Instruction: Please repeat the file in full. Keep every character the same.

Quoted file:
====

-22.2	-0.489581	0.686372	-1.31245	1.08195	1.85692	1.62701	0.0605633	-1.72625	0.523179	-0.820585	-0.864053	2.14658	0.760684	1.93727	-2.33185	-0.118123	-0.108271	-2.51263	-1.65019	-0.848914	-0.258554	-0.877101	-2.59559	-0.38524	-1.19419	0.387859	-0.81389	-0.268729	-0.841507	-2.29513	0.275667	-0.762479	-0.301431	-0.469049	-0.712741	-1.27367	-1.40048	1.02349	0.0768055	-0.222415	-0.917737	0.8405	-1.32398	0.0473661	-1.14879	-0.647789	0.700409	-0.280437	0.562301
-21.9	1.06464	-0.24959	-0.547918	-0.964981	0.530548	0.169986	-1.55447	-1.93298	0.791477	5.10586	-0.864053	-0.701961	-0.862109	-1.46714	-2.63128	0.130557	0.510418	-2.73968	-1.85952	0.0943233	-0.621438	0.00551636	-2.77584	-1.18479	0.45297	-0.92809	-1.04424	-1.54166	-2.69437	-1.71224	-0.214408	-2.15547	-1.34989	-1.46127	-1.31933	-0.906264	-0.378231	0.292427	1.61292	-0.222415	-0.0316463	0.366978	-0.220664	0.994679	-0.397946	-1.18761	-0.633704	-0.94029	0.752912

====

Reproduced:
-22.2	-0.489581	0.686372	-1.31245	1.08195	1.85692	1.62701	0.0605633	-1.72625	0.523179	-0.820585	-0.864053	2.14658	0.760684	1.93727	-2.33185	-0.118123	-0.108271	-2.51263	-1.65019	-0.848914	-0.258554	-0.877101	-2.59559	-0.38524	-1.19419	0.387859	-0.81389	-0.268729	-0.841507	-2.29513	0.275667	-0.762479	-0.301431	-0.469049	-0.712741	-1.27367	-1.40048	1.02349	0.0768055	-0.222415	-0.917737	0.8405	-1.32398	0.0473661	-1.14879	-0.647789	0.700409	-0.280437	0.562301
-21.9	1.06464	-0.24959	-0.547918	-0.964981	0.530548	0.169986	-1.55447	-1.93298	0.791477	5.10586	-0.864053	-0.701961	-0.862109	-1.46714	-2.63128	0.130557	0.510418	-2.73968	-1.85952	0.0943233	-0.621438	0.00551636	-2.77584	-1.18479	0.45297	-0.92809	-1.04424	-1.54166	-2.69437	-1.71224	-0.214408	-2.15547	-1.34989	-1.46127	-1.31933	-0.906264	-0.378231	0.292427	1.61292	-0.222415	-0.0316463	0.366978	-0.220664	0.994679	-0.397946	-1.18761	-0.633704	-0.94029	0.752912